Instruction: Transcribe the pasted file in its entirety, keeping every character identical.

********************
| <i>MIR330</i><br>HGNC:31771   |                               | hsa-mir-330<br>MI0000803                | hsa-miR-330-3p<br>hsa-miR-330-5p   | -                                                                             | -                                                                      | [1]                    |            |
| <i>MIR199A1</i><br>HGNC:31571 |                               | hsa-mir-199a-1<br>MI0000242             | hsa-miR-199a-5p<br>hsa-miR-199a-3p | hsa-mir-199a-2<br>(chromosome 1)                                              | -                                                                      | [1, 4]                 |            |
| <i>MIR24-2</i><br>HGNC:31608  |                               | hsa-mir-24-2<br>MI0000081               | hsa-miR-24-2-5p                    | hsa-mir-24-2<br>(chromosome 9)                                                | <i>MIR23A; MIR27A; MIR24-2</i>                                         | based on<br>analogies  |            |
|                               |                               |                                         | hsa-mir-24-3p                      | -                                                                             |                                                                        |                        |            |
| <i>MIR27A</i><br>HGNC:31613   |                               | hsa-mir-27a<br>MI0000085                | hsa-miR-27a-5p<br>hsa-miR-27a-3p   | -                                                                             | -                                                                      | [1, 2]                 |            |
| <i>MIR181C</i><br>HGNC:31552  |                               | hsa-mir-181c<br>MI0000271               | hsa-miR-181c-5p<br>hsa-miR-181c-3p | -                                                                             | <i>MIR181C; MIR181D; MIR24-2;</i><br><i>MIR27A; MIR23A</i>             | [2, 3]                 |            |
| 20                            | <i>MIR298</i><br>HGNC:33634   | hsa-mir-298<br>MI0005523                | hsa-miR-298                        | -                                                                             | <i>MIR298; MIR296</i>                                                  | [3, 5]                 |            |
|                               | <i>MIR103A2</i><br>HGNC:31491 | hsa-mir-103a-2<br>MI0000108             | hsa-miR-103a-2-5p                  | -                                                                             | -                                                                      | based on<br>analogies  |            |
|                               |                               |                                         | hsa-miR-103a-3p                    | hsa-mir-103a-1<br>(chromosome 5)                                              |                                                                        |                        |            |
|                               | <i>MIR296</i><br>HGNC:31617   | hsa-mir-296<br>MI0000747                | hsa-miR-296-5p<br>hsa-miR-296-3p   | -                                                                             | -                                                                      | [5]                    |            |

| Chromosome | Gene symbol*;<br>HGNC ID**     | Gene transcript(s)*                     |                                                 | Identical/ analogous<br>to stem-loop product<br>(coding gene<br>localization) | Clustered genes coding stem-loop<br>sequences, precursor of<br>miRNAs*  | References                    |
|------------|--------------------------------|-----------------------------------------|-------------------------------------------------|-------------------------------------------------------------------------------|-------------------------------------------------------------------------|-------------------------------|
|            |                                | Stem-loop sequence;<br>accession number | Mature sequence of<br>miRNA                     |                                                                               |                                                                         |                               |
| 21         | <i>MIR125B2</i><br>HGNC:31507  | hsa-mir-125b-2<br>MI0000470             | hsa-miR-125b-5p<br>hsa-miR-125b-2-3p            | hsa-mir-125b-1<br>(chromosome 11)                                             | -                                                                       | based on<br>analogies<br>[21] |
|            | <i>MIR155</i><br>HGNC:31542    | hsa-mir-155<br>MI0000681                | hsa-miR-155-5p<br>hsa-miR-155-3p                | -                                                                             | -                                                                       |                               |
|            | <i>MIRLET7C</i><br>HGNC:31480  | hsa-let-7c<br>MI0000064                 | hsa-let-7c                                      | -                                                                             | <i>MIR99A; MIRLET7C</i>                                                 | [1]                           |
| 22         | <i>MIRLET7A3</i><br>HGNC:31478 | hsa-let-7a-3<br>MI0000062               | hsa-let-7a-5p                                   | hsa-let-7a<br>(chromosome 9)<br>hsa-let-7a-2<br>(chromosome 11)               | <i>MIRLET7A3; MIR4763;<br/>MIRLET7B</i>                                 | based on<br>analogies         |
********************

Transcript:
| <i>MIR330</i><br>HGNC:31771   |                               | hsa-mir-330<br>MI0000803                | hsa-miR-330-3p<br>hsa-miR-330-5p   | -                                                                             | -                                                                      | [1]                    |            |
| <i>MIR199A1</i><br>HGNC:31571 |                               | hsa-mir-199a-1<br>MI0000242             | hsa-miR-199a-5p<br>hsa-miR-199a-3p | hsa-mir-199a-2<br>(chromosome 1)                                              | -                                                                      | [1, 4]                 |            |
| <i>MIR24-2</i><br>HGNC:31608  |                               | hsa-mir-24-2<br>MI0000081               | hsa-miR-24-2-5p                    | hsa-mir-24-2<br>(chromosome 9)                                                | <i>MIR23A; MIR27A; MIR24-2</i>                                         | based on<br>analogies  |            |
|                               |                               |                                         | hsa-mir-24-3p                      | -                                                                             |                                                                        |                        |            |
| <i>MIR27A</i><br>HGNC:31613   |                               | hsa-mir-27a<br>MI0000085                | hsa-miR-27a-5p<br>hsa-miR-27a-3p   | -                                                                             | -                                                                      | [1, 2]                 |            |
| <i>MIR181C</i><br>HGNC:31552  |                               | hsa-mir-181c<br>MI0000271               | hsa-miR-181c-5p<br>hsa-miR-181c-3p | -                                                                             | <i>MIR181C; MIR181D; MIR24-2;</i><br><i>MIR27A; MIR23A</i>             | [2, 3]                 |            |
| 20                            | <i>MIR298</i><br>HGNC:33634   | hsa-mir-298<br>MI0005523                | hsa-miR-298                        | -                                                                             | <i>MIR298; MIR296</i>                                                  | [3, 5]                 |            |
|                               | <i>MIR103A2</i><br>HGNC:31491 | hsa-mir-103a-2<br>MI0000108             | hsa-miR-103a-2-5p                  | -                                                                             | -                                                                      | based on<br>analogies  |            |
|                               |                               |                                         | hsa-miR-103a-3p                    | hsa-mir-103a-1<br>(chromosome 5)                                              |                                                                        |                        |            |
|                               | <i>MIR296</i><br>HGNC:31617   | hsa-mir-296<br>MI0000747                | hsa-miR-296-5p<br>hsa-miR-296-3p   | -                                                                             | -                                                                      | [5]                    |            |

| Chromosome | Gene symbol*;<br>HGNC ID**     | Gene transcript(s)*                     |                                                 | Identical/ analogous<br>to stem-loop product<br>(coding gene<br>localization) | Clustered genes coding stem-loop<br>sequences, precursor of<br>miRNAs*  | References                    |
|------------|--------------------------------|-----------------------------------------|-------------------------------------------------|-------------------------------------------------------------------------------|-------------------------------------------------------------------------|-------------------------------|
|            |                                | Stem-loop sequence;<br>accession number | Mature sequence of<br>miRNA                     |                                                                               |                                                                         |                               |
| 21         | <i>MIR125B2</i><br>HGNC:31507  | hsa-mir-125b-2<br>MI0000470             | hsa-miR-125b-5p<br>hsa-miR-125b-2-3p            | hsa-mir-125b-1<br>(chromosome 11)                                             | -                                                                       | based on<br>analogies<br>[21] |
|            | <i>MIR155</i><br>HGNC:31542    | hsa-mir-155<br>MI0000681                | hsa-miR-155-5p<br>hsa-miR-155-3p                | -                                                                             | -                                                                       |                               |
|            | <i>MIRLET7C</i><br>HGNC:31480  | hsa-let-7c<br>MI0000064                 | hsa-let-7c                                      | -                                                                             | <i>MIR99A; MIRLET7C</i>                                                 | [1]                           |
| 22         | <i>MIRLET7A3</i><br>HGNC:31478 | hsa-let-7a-3<br>MI0000062               | hsa-let-7a-5p                                   | hsa-let-7a<br>(chromosome 9)<br>hsa-let-7a-2<br>(chromosome 11)               | <i>MIRLET7A3; MIR4763;<br/>MIRLET7B</i>                                 | based on<br>analogies         |